This post is sponsored by the National Hospice and Palliative Care Organization
“According to a national survey by the National Hospice and Palliative Care Organization, more than 90 percent of people think it’s important to talk about their loved ones’ and their own wishes for end-of-life care, but fewer than 30 percent of people have actually had the conversation. “
This subject couldn’t have crossed my desk at more opportune time. I was reading my email on my phone while I was sitting at the hospital where my mother-in-law lay dying of kidney failure. I know we had discussed this issue several times in the past, she and I, both in private conversations and in talks with other family members present. The problem we had at this precise moment, though, is that nothing had been written down on paper.
When the doctor came in and talked with my brother-in-law, my husband, my daughter, and me, the question came up as to why they were still doing tests, still drawing blood, still offering medications, when we had been told that there was nothing that could help her at this point. The doctor’s answer stunned me: “She has not told us that she does not wish to be resuscitated. As long as there is no notation on her medical records, we HAVE TO DO EVERYTHING we can to keep her alive.” Mom told the doctor right then that she did NOT want any more medications, did NOT want to be resuscitated, and did NOT want to prolong the inevitable.
If you and or your family members are included in the many people who simply haven’t gotten around to talking about what your wishes are for your care at the end of your life, now is the time to start the conversation. Today. Or the next time you are together. Taking the necessary steps to crystallize what you and they want and formalizing it is sometimes a hard conversation to have. Sometimes it’s because people don’t know how to start the conversation with their loved ones.
It doesn’t have to be that hard. It can be made easier if you start the conversation by talking about what YOU want in the event you are hospitalized with a life threatening or terminal illness, and couldn’t verbalize what you wanted to happen to you. Here are some simple steps, suggested by James Mittelberger, M.D., Director and Chief Medical Officer, Optum Center for Palliative and Supportive Care:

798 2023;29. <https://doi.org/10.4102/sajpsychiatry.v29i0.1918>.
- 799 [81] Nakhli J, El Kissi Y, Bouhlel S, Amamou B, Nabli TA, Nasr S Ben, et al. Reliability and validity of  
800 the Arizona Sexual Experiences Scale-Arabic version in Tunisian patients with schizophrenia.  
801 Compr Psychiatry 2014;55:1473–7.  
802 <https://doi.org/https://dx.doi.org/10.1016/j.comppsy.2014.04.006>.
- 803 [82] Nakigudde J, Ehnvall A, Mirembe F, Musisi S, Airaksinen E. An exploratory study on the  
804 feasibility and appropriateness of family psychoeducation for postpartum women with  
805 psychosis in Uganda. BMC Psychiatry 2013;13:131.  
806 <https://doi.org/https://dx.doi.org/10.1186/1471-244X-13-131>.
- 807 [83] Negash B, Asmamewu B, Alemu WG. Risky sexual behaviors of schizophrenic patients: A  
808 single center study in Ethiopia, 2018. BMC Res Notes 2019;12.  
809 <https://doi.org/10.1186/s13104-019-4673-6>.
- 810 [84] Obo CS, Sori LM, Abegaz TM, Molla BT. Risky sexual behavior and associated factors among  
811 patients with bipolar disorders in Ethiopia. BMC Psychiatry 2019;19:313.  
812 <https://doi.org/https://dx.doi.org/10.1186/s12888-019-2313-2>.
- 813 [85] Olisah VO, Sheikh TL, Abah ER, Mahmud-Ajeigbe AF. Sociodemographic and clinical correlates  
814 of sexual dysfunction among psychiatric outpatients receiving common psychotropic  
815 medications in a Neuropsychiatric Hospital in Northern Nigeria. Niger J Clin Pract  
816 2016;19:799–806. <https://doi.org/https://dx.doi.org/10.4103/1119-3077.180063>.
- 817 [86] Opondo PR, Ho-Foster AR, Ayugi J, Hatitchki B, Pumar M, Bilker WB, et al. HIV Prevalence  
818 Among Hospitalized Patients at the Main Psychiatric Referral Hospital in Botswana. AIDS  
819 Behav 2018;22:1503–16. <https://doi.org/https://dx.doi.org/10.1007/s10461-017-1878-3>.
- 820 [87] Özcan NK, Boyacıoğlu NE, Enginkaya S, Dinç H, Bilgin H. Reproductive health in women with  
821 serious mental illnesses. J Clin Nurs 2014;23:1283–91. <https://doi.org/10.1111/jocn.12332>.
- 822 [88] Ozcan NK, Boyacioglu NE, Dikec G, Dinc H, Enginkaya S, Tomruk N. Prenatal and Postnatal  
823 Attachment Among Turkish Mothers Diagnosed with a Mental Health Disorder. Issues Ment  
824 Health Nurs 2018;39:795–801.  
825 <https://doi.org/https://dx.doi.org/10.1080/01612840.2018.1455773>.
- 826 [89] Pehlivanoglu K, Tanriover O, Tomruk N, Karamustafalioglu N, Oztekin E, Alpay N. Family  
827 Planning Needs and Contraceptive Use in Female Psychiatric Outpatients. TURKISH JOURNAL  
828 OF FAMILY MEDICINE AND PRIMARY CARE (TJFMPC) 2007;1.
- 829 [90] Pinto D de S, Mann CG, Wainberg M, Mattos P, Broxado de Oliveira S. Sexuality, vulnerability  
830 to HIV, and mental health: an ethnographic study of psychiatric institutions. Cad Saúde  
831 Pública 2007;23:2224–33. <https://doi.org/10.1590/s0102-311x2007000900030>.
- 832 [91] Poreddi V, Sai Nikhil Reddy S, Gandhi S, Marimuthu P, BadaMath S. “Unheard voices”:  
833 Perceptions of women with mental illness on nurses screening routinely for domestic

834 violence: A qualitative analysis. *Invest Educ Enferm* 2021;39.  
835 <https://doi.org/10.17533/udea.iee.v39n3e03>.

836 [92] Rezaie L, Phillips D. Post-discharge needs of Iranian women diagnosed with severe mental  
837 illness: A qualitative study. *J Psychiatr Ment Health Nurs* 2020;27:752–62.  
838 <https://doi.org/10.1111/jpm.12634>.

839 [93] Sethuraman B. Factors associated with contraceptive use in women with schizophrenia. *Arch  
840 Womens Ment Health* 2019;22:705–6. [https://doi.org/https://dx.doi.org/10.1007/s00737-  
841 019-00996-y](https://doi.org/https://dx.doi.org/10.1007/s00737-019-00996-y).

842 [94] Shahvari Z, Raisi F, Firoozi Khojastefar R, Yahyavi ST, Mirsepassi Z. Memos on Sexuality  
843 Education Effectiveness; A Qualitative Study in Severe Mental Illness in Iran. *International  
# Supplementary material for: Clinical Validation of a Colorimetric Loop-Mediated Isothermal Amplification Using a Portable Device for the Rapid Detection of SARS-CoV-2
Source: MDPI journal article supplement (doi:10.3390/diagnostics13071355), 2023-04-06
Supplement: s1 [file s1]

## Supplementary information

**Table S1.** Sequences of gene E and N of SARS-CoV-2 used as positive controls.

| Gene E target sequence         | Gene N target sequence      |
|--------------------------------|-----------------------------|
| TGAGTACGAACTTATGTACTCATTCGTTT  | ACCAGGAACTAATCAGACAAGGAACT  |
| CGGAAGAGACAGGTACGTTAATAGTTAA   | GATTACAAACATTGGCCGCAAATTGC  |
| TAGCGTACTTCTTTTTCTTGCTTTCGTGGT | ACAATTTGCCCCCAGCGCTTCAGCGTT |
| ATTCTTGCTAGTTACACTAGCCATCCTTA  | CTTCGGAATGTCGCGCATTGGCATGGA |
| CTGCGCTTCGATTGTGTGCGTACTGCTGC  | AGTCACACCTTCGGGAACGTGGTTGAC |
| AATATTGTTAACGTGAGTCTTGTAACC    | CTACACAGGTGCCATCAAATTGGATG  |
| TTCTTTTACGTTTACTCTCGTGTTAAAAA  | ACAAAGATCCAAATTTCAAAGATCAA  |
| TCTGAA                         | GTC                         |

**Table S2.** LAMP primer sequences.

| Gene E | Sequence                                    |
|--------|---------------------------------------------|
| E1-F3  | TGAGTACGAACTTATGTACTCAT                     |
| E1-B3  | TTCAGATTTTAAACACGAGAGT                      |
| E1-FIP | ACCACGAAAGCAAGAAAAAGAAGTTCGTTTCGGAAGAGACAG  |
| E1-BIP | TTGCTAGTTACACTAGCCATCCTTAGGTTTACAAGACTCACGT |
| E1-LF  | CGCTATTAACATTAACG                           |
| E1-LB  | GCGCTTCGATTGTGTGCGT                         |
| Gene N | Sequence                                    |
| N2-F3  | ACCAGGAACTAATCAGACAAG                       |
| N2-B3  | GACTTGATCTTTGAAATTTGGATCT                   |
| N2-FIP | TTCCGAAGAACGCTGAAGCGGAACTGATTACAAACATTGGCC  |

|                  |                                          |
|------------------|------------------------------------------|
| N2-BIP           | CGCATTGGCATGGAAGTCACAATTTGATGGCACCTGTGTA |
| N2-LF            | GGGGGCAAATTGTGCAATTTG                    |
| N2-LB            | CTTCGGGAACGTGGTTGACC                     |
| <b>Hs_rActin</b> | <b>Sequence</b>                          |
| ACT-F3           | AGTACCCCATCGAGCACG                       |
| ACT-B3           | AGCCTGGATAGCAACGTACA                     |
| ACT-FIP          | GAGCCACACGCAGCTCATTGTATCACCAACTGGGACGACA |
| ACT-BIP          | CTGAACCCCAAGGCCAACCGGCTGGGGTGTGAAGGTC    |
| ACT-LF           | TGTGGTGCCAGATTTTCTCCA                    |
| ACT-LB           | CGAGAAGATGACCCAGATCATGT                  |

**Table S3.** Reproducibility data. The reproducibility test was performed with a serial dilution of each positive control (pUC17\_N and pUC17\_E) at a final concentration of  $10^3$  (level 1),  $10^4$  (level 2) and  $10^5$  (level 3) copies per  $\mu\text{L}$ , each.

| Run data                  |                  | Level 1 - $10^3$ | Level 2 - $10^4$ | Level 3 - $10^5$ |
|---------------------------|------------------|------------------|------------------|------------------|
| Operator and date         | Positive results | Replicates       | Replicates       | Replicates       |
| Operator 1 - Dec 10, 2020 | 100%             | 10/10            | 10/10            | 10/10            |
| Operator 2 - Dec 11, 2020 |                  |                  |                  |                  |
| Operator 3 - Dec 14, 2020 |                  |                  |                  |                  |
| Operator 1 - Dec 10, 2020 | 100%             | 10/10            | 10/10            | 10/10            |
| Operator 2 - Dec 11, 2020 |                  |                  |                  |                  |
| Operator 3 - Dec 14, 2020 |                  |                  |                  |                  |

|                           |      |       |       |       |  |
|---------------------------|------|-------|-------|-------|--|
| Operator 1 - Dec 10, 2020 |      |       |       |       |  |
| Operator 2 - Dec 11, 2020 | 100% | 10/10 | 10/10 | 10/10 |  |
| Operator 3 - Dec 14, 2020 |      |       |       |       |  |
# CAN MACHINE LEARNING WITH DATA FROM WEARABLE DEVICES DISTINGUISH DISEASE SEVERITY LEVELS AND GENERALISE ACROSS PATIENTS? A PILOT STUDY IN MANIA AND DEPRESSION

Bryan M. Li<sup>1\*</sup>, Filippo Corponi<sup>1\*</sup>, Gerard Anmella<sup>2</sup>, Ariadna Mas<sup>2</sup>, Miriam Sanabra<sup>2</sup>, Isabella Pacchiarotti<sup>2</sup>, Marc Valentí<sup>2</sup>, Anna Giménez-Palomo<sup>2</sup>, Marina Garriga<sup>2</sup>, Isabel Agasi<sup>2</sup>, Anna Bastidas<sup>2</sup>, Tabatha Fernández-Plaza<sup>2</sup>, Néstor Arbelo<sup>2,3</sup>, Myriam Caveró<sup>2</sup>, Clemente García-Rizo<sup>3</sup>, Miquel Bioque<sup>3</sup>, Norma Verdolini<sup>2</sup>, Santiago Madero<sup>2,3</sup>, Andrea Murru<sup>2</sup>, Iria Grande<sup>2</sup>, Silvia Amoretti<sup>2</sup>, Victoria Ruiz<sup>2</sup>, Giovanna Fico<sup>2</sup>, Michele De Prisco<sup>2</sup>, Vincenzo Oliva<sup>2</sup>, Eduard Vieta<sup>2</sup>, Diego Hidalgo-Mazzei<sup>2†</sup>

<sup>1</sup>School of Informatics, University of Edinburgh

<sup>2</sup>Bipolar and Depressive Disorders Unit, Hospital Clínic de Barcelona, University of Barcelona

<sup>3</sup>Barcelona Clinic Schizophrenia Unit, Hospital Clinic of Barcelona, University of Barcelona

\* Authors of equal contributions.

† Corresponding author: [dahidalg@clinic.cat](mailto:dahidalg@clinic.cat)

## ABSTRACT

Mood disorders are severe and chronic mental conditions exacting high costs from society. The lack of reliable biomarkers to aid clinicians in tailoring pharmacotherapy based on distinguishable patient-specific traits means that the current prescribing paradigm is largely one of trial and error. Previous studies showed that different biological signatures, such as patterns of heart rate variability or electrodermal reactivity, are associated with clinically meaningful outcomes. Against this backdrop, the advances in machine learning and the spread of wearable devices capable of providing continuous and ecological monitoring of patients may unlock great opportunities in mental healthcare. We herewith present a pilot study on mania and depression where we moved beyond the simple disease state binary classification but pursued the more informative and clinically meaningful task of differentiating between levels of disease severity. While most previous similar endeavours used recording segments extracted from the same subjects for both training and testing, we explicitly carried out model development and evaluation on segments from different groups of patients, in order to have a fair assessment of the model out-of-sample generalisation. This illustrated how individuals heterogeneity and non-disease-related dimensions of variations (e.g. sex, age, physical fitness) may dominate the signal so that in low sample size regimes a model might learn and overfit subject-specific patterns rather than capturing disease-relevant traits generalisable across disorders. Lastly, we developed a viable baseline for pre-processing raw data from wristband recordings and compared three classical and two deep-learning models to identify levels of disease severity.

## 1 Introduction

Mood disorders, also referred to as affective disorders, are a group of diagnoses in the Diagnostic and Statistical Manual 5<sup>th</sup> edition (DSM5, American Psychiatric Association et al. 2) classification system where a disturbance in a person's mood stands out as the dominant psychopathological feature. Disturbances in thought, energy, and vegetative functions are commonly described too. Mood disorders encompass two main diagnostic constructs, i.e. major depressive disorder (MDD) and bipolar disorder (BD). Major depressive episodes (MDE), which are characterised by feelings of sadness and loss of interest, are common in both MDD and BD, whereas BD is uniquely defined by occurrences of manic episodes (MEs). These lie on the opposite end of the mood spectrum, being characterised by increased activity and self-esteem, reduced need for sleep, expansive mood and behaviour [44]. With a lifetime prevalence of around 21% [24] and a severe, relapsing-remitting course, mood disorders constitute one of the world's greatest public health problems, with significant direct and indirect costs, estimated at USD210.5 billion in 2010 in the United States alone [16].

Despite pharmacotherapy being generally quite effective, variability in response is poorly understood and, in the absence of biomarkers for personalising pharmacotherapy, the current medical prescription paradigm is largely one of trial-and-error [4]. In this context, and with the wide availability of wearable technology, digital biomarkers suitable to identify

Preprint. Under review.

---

- Start with your loved ones. Honest communication can help families avoid the stress of guessing what a family member would want. You may find that you and your loved ones may see some things differently. That’s okay. It is most important that your loved ones know how you want to be treated and are willing to respect your wishes. Decide who you prefer to make decisions on your behalf in case you are unable to express your choice.
- Think about what is most important to you. What are your greatest fears, hopes and goals? What do you most care about? Most people can be effectively treated for pain, but how much do you want to be at home; or avoid being on a breathing machine; or being dependent in a nursing home? How sure are you of your choices? Do you want your chosen proxy to have leeway to change your decisions? Discuss these topics with your loved ones to reach a shared understanding of your desires.
- Use the resources available to get better informed and be sure to discuss your choice with your health care providers. You can find valuable resources to help you and your loved ones make decisions more manageable atwww.prepareforyourcare.org, theconversationproject.org, and agingwithdignity.org.
- Make it official. Once you’ve had the conversation, it is essential to formalize your decisions by putting them in writing. Complete an advance directive. Special medical orders can be developed with your doctors to represent your care decisions for providers. Finally, assigning a health care proxy or agent identifies the person you trust to act on your behalf if you are unable to make decisions or communicate your wishes. Be sure to share your documents with your providers and your proxy, and to have copies available in case they are needed.
While it is still a difficult thing to arrange for hospice care for someone you love, it is better to know in advance that that is what they want for themselves. Take the time to start the conversation with your family, including everyone who is over the age of eighteen. End of life care is not just for the very old. You never know what is going to happen tomorrow, so get everyone’s wishes down on paper today.
Dr. James Mittelberger is the Executive Director and Chief Medical Officer of Optum’s Center for Palliative and Supportive Care. Optum’s Center for Palliative and Supportive Care brings together industry experts and Optum capabilities to lead the advancement of palliative and supportive care to ensure every patient facing serious illness lives their best possible life.